Academic journal article Journal of Accountancy

More Talk, More Action: A Changing Role for Corporate Boards and CPAs

Academic journal article Journal of Accountancy

More Talk, More Action: A Changing Role for Corporate Boards and CPAs

Article excerpt


* THE INCREASING FOCUS ON ETHICS HAS CREATED an opportunity for CPAs to help their companies foster a corporate culture that promotes ethical decision making. It also has encouraged more boards of directors to be involved with hiring internal audit and other accounting employees with financial reporting and control responsibilities.

* CPAs NEED TO CONVEY THE CONCEPT OF AN ETHICAL corporate culture to a broad range of people including the board, management and other employees. They can do this by setting the tone and delivering the message that an ethical approach to decision making is important.

* CPAs SHOULD PARTICIPATE IN DEVELOPING their company's audit committee charter by offering input on internal controls and oversight of the accounting and financial reporting processes.

* NPOs AND PRIVATE COMPANIES ALSO ARE REEXAMINING their approach to ethics as states consider applying elements of Sarbanes-Oxley to these entities. Even though they aren't required to do so, a number of private companies are reviewing their ethics and compliance policies, especially those looking ahead to possible public offerings or sales to public companies.


To secure her position as director of internal controls and audit with Comfort Systems USA Inc., CPA Melissa Frazier met with most of the executive management team as well as with members of the board of directors' audit committee. "The audit committee hired me," she says. "Officially, I report to them, although administratively I report to the CFO." As with many internal audit directors, Frazier's role includes helping the company's accounting staff members understand how ethics apply to their day-today responsibilities.

Frazier's experience with the $785 million provider of commercial and industrial heating and ventilation systems isn't unique. Industry observers agree that because of their understanding of financial reporting and their view into operations, CPAs often are in the best position to take the lead in helping their companies develop a vigorous ethical culture. Thus many corporate boards--influenced by the Sarbanes-Oxley Act of 2002--are taking a more active role in ensuring companies implement and follow sound ethics policies.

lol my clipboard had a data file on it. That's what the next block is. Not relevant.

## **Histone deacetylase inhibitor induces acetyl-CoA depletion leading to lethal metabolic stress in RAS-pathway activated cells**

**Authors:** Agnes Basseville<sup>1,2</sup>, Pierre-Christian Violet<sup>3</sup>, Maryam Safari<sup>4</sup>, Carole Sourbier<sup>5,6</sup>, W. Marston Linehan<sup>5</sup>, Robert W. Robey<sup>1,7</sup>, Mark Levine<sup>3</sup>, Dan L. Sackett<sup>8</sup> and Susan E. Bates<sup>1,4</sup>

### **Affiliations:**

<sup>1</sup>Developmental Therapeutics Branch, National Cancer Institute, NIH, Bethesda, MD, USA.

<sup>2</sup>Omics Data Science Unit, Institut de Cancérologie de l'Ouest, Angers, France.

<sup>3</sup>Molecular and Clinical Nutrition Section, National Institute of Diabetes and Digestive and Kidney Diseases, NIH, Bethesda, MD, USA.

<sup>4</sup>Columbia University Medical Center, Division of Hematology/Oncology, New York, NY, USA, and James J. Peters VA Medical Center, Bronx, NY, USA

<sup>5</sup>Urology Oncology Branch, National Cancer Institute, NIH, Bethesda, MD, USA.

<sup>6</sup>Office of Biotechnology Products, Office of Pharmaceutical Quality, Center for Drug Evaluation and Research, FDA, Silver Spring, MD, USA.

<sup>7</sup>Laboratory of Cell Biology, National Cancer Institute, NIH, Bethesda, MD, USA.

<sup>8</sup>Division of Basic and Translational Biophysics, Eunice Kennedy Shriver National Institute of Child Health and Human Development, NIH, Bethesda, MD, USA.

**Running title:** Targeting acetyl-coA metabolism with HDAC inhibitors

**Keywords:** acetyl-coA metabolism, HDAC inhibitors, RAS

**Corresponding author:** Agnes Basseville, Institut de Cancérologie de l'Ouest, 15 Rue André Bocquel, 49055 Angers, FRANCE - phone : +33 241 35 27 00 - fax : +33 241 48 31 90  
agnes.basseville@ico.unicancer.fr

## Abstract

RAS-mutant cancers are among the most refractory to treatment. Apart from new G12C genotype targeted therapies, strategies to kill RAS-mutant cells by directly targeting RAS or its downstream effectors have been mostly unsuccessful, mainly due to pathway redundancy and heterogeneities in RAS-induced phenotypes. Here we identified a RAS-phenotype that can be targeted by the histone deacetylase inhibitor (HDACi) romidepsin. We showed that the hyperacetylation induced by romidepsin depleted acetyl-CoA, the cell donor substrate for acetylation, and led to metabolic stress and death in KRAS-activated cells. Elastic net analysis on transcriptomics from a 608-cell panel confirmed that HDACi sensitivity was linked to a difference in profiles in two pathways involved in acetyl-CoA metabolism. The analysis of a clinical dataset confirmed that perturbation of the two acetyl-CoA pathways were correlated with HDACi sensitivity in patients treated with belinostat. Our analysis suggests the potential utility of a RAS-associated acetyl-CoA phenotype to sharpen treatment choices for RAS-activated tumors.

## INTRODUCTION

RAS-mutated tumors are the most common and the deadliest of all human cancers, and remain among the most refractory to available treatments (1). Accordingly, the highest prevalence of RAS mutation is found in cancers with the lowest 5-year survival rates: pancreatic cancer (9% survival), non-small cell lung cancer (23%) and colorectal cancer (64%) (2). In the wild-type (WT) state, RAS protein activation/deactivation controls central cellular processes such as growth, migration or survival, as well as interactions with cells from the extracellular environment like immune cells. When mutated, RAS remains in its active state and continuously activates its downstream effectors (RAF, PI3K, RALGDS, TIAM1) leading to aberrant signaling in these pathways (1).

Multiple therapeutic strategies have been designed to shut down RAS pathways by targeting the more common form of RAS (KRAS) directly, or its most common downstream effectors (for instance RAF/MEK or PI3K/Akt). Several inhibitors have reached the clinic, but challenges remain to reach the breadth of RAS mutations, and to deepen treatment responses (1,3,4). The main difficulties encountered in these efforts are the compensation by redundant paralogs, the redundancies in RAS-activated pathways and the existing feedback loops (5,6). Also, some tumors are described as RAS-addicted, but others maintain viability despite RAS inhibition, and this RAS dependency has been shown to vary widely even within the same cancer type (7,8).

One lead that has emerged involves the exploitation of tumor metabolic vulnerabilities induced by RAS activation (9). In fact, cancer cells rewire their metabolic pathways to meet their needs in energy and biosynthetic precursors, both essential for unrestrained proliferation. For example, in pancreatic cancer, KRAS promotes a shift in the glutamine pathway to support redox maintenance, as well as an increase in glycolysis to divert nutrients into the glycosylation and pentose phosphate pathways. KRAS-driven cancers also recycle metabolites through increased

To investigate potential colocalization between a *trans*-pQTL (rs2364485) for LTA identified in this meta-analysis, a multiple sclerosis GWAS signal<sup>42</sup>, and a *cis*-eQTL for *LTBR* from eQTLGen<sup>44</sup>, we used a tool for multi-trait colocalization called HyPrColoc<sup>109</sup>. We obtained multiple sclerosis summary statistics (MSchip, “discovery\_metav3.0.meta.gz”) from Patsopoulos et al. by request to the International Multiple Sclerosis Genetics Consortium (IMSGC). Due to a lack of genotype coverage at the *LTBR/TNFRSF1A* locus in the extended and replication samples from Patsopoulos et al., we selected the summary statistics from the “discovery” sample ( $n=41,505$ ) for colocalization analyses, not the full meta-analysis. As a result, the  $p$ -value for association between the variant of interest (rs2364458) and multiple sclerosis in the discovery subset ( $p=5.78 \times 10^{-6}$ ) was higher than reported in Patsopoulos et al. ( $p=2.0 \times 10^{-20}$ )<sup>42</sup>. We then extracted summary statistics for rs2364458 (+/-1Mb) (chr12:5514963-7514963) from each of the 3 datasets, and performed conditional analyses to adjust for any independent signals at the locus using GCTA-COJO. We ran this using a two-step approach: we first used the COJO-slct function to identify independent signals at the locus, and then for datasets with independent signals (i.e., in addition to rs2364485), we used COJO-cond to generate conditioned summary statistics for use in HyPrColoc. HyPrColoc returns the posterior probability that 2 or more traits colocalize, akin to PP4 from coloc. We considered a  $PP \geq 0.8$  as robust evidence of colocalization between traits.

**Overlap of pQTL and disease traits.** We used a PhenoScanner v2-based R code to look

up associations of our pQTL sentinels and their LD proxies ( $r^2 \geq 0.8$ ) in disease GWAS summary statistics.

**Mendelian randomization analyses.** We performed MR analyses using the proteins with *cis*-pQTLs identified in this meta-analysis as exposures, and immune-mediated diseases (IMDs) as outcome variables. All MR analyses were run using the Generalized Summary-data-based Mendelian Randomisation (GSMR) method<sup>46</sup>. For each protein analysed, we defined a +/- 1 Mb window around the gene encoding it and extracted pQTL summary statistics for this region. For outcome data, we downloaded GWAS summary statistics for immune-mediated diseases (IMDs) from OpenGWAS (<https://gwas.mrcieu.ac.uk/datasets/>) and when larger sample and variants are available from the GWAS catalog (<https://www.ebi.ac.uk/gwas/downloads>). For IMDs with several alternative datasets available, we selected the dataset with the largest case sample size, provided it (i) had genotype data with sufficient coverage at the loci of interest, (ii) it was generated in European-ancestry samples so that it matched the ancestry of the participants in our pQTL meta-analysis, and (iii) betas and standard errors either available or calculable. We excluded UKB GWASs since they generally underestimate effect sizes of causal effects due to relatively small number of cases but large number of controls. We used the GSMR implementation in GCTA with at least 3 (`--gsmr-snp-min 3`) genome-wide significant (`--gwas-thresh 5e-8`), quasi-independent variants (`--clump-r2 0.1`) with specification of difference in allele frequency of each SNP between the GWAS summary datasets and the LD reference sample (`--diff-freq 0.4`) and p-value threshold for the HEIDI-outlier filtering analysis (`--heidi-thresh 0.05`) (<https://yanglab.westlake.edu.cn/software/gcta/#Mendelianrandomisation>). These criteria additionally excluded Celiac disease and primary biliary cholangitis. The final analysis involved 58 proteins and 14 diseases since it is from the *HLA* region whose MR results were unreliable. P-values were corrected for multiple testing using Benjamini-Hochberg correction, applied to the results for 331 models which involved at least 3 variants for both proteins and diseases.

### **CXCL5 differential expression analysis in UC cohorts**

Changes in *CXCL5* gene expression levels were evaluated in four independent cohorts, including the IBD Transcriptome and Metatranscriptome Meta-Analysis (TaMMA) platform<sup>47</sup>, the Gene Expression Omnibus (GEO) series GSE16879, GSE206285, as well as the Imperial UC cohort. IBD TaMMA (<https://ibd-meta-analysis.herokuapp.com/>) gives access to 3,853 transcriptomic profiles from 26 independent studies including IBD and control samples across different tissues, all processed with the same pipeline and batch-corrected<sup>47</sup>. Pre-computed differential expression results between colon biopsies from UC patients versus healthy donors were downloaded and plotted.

Given that most ethical dilemmas in the workplace have a clear financial dimension, board members now are more involved in hiring internal audit and other accounting employees. "There has been, and will continue to be, increased interaction between the audit committee and an organization's financial people," says Curtis Verschoor, professor emeritus of accounting at DePaul University in Chicago. This article will show how the focus on ethical corporate behavior is affecting accountants in businesses as well as in not-for-profit organizations (NPOs). It also will review the changing relationship between accounting staff and boards of directors and identify some best practices CPAs can follow to foster a corporate culture that promotes ethical decision making.


A 2004 survey by the Conference Board showed CPAs how the increased focus on corporate ethics is reshaping the responsibilities of corporate boards--and CPAs--in companies around the globe. The New York-based research organization published Ethics Programs--The Role of the Board: A Global Study in February 2004. The survey examined the activities of boards of directors at 165 companies in the United States, Canada, Great Britain, India, Japan and Western Europe. (For details on survey results, see "The Board's Pole in Ethics," page 72.)

Several factors are behind the increased board involvement in ethics programs revealed in the survey. Clearly the shift is one result of the implosions at Enron, Adelphia Communications and other companies, as well as the passage of the Sarbanes-Oxley Act. Any company listed on the New York Stock Exchange must comply with the Sarbanes-Oxley requirement that audit committees establish procedures to handle complaints concerning accounting, internal controls and auditing matters. …

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